Resources

SMOKING FACTS IN NEW MEXICO AND THE US

CDC Data on Blacks and Tobacco 

There were over 40 million African Americans in the United States in 2016—approximately 13% of the U.S. population.Although African Americans usually smoke fewer cigarettes and start smoking cigarettes at an older age, they are more likely to die from smoking-related diseases than Whites.

African American children and adults are more likely to be exposed to secondhand smoke than any other racial or ethnic group.

  • During 2013-2014, secondhand smoke exposure was found in:
    • 66.1% of African American children aged 3–11 years.
    • 55.3% of African American adolescents aged 12–19 years.
    • 45.5% of African American adults aged 20 years and older.
  • African American nonsmokers generally have higher cotinine levels (an indicator of recent exposure to tobacco smoke) than nonsmokers of other races/ethnicities.

NEW MEXICO DATA

  1. New Mexico Behavioral Risk Factor Surveillance System(BRFSS) 2018 Annual Report  
  2. Approximate number of Blacks/African Americans in NM who smoke is 15.5% 
  3. In 2018, 15.2% of New Mexico adults were current smokers. This was lower than the U.S. median prevalence (16.1%).
  4. Males (17.3%) reported a significantly higher prevalence of current smoking than females (13.2%).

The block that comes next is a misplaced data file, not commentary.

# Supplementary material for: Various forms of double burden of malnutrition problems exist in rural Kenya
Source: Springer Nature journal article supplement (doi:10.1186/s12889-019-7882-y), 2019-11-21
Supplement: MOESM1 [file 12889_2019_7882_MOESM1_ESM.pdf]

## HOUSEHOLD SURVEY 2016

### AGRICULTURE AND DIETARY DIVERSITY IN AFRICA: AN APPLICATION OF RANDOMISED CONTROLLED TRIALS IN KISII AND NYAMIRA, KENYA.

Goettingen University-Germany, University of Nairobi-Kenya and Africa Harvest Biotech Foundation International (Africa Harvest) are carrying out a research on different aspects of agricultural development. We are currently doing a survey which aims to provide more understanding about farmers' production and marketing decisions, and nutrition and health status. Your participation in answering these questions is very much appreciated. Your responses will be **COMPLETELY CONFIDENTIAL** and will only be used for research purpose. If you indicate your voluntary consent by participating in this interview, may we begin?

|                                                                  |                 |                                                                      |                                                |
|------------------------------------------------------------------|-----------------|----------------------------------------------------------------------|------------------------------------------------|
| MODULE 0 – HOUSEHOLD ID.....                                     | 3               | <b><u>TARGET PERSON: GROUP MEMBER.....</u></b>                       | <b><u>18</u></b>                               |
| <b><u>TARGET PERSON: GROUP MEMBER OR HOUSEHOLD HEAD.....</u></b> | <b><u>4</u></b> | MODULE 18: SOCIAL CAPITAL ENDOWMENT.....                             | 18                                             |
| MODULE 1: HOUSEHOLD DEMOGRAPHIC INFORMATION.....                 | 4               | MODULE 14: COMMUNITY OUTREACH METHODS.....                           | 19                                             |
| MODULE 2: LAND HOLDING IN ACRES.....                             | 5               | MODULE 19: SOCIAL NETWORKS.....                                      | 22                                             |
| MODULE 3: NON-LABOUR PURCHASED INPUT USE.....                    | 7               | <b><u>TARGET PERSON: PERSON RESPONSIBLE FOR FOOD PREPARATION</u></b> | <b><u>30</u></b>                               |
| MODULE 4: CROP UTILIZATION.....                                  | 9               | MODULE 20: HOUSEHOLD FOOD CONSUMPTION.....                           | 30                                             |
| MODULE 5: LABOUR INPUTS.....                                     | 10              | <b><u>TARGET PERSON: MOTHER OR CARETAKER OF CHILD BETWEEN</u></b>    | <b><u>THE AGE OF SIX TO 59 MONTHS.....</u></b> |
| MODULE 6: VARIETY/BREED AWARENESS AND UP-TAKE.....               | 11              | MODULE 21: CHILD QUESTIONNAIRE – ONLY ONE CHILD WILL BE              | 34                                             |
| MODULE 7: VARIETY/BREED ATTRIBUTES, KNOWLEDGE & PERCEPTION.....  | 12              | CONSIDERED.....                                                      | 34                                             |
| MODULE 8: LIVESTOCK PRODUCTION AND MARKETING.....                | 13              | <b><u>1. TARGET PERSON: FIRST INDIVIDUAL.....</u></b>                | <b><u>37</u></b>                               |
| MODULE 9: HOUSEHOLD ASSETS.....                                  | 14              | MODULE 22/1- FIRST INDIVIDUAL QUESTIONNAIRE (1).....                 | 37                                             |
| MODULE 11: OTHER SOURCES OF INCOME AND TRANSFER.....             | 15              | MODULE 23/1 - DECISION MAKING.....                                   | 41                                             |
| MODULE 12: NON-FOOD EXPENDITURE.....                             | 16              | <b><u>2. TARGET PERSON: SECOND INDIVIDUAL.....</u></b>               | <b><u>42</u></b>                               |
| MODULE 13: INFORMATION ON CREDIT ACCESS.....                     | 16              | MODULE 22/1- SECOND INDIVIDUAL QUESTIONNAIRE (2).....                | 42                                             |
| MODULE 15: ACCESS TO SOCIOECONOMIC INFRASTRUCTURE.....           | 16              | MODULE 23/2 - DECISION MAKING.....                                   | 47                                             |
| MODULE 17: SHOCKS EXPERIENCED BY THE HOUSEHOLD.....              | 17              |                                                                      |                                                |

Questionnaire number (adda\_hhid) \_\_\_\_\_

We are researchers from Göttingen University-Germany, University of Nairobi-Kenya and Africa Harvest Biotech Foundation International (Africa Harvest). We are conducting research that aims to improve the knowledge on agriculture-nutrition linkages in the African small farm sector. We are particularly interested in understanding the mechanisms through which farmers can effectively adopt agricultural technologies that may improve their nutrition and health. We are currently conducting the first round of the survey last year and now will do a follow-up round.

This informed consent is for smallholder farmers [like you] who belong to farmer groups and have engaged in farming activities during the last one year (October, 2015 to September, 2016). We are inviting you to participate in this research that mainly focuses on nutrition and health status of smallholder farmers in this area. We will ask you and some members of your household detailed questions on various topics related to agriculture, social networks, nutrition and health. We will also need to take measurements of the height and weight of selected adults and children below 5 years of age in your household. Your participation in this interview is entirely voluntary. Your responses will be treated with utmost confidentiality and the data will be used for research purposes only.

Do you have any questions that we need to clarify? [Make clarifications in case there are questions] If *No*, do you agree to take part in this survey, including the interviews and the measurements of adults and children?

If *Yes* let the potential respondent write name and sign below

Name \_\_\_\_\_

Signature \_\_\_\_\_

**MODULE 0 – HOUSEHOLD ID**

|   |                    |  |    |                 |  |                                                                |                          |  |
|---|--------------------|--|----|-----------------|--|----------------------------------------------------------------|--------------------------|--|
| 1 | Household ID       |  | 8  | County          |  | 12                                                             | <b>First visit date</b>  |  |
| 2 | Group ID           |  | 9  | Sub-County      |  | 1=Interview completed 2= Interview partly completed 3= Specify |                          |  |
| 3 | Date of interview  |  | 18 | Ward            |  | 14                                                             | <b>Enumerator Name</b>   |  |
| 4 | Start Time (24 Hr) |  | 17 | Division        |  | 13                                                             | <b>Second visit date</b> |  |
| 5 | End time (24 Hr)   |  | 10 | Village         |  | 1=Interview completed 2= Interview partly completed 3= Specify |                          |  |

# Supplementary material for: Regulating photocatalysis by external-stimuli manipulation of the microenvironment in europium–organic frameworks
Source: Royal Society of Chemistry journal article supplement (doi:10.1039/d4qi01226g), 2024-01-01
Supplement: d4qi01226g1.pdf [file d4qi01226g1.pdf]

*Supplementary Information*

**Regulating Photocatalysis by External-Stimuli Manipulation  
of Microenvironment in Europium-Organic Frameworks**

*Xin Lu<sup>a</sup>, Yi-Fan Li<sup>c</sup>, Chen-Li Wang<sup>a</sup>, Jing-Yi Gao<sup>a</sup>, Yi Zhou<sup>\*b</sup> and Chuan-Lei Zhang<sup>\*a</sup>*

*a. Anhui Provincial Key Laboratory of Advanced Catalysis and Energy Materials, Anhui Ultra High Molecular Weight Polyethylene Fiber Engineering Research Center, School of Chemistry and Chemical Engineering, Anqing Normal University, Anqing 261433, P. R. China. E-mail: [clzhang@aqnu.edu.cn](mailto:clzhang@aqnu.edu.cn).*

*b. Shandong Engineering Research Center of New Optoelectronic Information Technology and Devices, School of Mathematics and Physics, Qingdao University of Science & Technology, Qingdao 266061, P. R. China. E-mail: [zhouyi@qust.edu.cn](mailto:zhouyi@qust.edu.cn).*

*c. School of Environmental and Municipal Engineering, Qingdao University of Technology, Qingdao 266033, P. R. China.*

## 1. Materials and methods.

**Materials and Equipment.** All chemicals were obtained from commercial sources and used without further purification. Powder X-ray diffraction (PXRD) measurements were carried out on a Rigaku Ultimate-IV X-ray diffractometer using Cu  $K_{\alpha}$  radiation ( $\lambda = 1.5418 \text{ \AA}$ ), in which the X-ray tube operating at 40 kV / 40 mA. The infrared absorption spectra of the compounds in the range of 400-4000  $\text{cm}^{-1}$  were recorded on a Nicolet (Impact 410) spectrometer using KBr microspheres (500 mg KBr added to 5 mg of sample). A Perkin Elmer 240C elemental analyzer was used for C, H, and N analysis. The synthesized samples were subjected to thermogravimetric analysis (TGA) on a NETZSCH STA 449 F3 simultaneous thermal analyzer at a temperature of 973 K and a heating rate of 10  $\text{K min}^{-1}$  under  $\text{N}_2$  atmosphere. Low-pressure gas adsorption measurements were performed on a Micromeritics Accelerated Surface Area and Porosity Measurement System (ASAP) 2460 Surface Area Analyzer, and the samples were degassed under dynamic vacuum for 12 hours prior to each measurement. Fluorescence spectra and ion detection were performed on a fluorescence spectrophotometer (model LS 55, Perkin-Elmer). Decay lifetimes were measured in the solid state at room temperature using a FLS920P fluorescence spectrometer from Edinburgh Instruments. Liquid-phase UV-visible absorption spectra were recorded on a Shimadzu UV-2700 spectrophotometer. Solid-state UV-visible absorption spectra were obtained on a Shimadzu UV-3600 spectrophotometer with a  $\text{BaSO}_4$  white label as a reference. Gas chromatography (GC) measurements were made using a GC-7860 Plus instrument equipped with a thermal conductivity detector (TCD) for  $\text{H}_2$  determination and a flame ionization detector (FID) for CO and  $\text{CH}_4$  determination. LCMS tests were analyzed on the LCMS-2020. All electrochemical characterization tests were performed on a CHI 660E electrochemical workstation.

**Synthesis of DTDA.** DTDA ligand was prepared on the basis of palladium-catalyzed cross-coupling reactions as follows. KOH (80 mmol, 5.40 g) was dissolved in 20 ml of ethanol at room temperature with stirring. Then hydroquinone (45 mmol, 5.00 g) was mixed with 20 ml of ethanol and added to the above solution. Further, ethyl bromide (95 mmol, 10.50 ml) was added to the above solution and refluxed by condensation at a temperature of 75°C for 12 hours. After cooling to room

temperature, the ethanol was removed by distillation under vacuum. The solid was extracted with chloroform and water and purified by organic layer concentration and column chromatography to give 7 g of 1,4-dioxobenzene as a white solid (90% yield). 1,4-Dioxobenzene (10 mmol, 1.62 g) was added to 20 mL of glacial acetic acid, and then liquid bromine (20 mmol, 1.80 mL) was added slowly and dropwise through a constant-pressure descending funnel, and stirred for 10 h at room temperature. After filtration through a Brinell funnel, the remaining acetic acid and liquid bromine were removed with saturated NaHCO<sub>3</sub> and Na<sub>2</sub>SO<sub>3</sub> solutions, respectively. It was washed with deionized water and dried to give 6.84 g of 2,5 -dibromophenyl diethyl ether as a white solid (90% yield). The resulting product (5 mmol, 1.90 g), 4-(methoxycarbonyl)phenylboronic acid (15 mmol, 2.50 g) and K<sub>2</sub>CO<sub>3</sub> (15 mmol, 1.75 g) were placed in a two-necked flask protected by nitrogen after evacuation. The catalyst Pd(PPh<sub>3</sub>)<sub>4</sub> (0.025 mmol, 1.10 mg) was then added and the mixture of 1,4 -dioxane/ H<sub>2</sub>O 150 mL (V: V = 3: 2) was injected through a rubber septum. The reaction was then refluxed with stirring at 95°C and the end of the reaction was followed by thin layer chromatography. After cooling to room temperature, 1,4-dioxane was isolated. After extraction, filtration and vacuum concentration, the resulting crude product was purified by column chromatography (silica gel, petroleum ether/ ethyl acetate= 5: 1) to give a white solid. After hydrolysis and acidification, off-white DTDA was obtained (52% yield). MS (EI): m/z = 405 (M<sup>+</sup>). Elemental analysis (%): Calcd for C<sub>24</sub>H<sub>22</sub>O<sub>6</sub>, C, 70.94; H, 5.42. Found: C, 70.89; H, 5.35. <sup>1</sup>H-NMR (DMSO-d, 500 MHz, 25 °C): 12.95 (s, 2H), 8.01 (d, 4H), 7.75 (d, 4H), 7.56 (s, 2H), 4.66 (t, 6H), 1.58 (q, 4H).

5. Tobacco & New Mexico’s Indicator-Based Information System (NM-IBIS) 
  6. The prevalence of current cigarette smoking among New Mexico and U.S. high school youth has decreased dramatically in the past decade, New Mexico’s youth cigarette smoking rate in 2017 (10.6%) is at an all-time low, and it is statistically similar to that in the U.S. (8.8%). Both the New Mexico and U.S. youth cigarette smoking prevalence have met and surpassed the Healthy People 2020 goal of 16.0%.
  7. The use of electronic cigarettes, or e-cigarettes, has recently emerged as a new public health concern. Although scientists are still learning about the long-term effects of e-cigarettes, we do know most contain nicotine, which is highly addictive and can harm adolescent and young adult brain development. The aerosol in e-cigarettes contains nicotine, cancer-causing chemicals, and tiny particles that can reach deep into the lungs. According to the National Academies of Science (2018), there is substantial evidence that e-cigarette use increases risk of ever using combustible tobacco cigarettes among youth and young adults.
  8. As of 2017, e-cigarette use (24.7%) among high school youth in NM has significantly outpaced the use of combustible cigarettes (10.6%). Although there have been significant declines in combustible cigarette use among youth, the emergence of e-cigarettes and the risks for nicotine addiction requires attention both through public health prevention and policy efforts.
  9. NM Quit Now Data link

CAPACITY BUILDING RESOURCES FOR ORGANIZATIONS